Norman M. Monhait
Recognized as one of the Delaware Bar’s leading corporate litigators, Norman Monhait is a Partner in the Delaware office of Reid Collins & Tsai.
Norm applies his extensive knowledge, and forty years of experience litigating issues of business entity law and fiduciary duty in the Delaware Court of Chancery and other fora, to the representation of the firm’s clients in all manner of business disputes and litigation.
For over three decades, as a partner at Rosenthal Monhait & Goddess and its predecessors, Norm prosecuted complex business litigation most frequently on behalf of investors in individual, class, and derivative actions, primarily before the Delaware Court of Chancery. Norm also has substantial experience representing creditors and parties in interest in adversary proceedings and contested matters in Delaware’s Bankruptcy Court. He and his firm were best known for their expertise in corporate litigation and contributions to the development of the Delaware General Corporation Law, while also maintaining bankruptcy, general commercial litigation and real estate practices, advocating civil rights claims, and representing people unable to afford counsel.
Prior to coming to Delaware in 1979, Norm began his legal career as a law clerk to the Honorable Max Rosenn of the United States Court of Appeals for the Third Circuit, and developed trial skills during a three-year tenure as an Assistant United States Attorney for the District of Columbia.
Outside his business practice, Norm’s professional career is an equally impressive mosaic of achievement and good works.
For over fifteen years, Norm was a member of the Council of the Delaware State Bar Association’s (“DSBA”) Corporation Law Section. The Council plays a vital role in keeping Delaware’s statutory business entity laws current through annual review, drafting of amendments, and advocating those proposals before the Delaware General Assembly. Norm served as the Council’s Vice Chair for two years and as Chair for three years. During his tenure, among other significant proposals, the Council developed and successfully advocated the passage of the Delaware Benefit Corporation Law and amendments aimed at maintaining a balance of interests between investors and management. Norm was also a long-time member of the Court of Chancery Rules Committee. In the 1980’s, Norm was a member and then Chair of the DSBA’s Continuing Legal Education Committee and played a principal role in the initial formulation of Delaware’s mandatory continuing legal education program. The Delaware Supreme Court then appointed him as the first Chair of the Delaware Commission on Continuing Legal Education, a position he held from January 1987 until January 1993.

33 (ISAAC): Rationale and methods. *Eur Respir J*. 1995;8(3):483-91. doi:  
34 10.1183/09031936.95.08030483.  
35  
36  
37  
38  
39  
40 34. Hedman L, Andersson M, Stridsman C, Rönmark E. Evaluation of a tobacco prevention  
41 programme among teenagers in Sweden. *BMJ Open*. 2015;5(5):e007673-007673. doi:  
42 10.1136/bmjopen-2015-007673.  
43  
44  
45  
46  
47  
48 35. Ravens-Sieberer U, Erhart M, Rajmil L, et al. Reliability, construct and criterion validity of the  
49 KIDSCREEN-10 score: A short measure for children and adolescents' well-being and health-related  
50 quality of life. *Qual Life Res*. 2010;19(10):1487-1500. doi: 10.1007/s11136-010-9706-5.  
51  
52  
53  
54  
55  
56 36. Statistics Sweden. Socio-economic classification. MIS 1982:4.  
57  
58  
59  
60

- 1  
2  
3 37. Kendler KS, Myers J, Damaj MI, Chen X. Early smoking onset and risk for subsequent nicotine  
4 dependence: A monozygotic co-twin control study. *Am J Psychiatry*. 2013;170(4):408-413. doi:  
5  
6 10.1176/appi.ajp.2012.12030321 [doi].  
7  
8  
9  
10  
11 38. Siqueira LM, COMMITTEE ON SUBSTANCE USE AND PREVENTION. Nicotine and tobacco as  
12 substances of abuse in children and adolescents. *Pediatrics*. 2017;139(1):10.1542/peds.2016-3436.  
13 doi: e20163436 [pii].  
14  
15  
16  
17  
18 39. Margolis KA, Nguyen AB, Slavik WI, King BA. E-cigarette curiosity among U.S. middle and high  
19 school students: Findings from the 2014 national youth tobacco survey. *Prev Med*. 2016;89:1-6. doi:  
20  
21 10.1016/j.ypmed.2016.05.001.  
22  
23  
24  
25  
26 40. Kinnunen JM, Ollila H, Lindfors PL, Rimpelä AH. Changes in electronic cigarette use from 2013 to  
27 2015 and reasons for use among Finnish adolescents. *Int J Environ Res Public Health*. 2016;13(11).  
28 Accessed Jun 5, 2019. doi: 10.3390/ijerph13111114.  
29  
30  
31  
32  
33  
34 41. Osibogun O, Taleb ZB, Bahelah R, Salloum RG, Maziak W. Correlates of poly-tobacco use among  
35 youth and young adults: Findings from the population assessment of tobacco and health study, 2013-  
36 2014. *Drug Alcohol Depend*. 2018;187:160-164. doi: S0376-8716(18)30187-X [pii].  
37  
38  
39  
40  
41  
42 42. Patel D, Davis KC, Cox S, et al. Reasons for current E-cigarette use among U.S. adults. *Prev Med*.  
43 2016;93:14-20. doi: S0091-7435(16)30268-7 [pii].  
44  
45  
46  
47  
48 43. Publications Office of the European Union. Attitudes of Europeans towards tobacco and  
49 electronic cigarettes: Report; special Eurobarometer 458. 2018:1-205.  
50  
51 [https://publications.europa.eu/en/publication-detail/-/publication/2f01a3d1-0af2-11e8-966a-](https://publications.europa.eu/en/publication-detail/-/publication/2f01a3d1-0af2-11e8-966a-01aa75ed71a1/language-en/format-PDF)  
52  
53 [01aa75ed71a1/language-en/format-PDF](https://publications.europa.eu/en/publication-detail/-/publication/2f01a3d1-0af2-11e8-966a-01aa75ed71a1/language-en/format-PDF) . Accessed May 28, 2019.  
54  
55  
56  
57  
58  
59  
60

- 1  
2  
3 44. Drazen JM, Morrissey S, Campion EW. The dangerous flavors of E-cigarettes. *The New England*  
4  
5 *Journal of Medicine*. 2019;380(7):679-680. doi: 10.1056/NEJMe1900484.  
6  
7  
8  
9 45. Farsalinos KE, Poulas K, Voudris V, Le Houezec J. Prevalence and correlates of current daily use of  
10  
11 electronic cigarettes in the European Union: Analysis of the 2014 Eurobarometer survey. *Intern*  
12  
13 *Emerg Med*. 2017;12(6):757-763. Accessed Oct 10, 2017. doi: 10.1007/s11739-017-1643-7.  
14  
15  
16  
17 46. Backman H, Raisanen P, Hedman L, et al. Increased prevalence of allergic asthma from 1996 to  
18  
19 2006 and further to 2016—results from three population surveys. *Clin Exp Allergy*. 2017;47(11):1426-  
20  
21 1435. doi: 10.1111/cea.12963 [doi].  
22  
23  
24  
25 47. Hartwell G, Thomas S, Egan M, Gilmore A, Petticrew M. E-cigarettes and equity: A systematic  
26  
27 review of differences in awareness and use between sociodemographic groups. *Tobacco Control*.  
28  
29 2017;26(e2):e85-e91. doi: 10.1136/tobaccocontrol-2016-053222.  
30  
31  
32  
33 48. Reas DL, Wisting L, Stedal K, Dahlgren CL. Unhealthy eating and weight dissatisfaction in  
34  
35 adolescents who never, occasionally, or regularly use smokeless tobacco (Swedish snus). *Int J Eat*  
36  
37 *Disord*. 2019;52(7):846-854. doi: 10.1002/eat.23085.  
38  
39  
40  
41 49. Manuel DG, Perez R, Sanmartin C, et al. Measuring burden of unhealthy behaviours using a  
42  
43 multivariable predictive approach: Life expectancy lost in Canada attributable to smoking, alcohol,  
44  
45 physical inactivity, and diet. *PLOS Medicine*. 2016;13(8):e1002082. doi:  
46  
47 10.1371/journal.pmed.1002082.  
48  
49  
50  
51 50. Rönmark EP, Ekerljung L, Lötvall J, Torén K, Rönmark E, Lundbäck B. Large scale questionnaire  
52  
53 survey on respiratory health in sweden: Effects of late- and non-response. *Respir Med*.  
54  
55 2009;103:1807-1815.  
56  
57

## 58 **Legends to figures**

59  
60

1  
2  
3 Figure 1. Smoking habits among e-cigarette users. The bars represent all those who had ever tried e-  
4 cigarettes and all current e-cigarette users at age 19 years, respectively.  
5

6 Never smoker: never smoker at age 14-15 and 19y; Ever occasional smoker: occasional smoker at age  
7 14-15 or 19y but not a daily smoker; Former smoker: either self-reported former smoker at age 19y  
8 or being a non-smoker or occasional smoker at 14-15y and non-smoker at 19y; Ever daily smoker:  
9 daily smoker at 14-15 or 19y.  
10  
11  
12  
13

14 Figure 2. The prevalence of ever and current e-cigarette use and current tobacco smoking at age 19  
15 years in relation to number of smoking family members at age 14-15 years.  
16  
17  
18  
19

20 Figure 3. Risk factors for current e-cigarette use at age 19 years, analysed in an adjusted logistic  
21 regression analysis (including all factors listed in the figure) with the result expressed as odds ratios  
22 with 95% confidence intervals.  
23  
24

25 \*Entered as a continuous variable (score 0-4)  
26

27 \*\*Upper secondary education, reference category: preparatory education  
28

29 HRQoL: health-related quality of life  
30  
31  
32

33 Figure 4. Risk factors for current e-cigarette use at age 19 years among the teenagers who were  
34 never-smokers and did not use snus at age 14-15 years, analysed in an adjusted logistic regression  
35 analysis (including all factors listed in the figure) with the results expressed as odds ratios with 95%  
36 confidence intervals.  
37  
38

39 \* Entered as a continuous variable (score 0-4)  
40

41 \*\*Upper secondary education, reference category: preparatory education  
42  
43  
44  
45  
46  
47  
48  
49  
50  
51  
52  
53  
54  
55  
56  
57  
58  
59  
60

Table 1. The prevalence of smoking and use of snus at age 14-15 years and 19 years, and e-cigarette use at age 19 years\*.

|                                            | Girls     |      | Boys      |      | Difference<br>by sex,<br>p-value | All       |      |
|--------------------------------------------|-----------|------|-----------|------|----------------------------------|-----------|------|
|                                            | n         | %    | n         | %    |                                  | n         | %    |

Norm has also devoted time to pro bono work and community service. He served as court-appointed defense counsel in criminal cases in United States District Court, as guardian ad litem for children in dependency and neglect proceedings in Delaware Family Court, and as assisting counsel in a number in civil rights litigations. He has been a member of the Boards of Directors of the American Civil Liberties Union of Delaware, the Wilmington Jewish Community Center, the Delaware Council on Crime and Justice (currently the Delaware Center for Justice) and The Kutz Home, Inc., a residential skilled nursing facility for the elderly, as well as a long-time member of the Board of Trustees and Treasurer of Wilmington Friends School, which he continues to serve as Chair of its Endowment Committee.
Between college and law school, Norm served on active duty as a commissioned officer in the United States Naval Reserve.
Publications and Speaking Engagements:
- Alexander, Hamermesh, Martin & Monhait, M&A Under Delaware's Public Benefit Corporation Statute: A Hypothetical Tour 4 Harv. Bus. L. Rev. 255 (2014)
- Hamermesh & Monhait, A Delaware Response to Delaware's Choice 39 Del. J. Corp. L., 1 (2014)
- Monhait, Federal Declaratory Relief From Unconstitutional State Statutes: Implications of Steffel v. Thompson, 9 Harv. Civ. R. Civ. Lib. L. Rev. 520 (1974).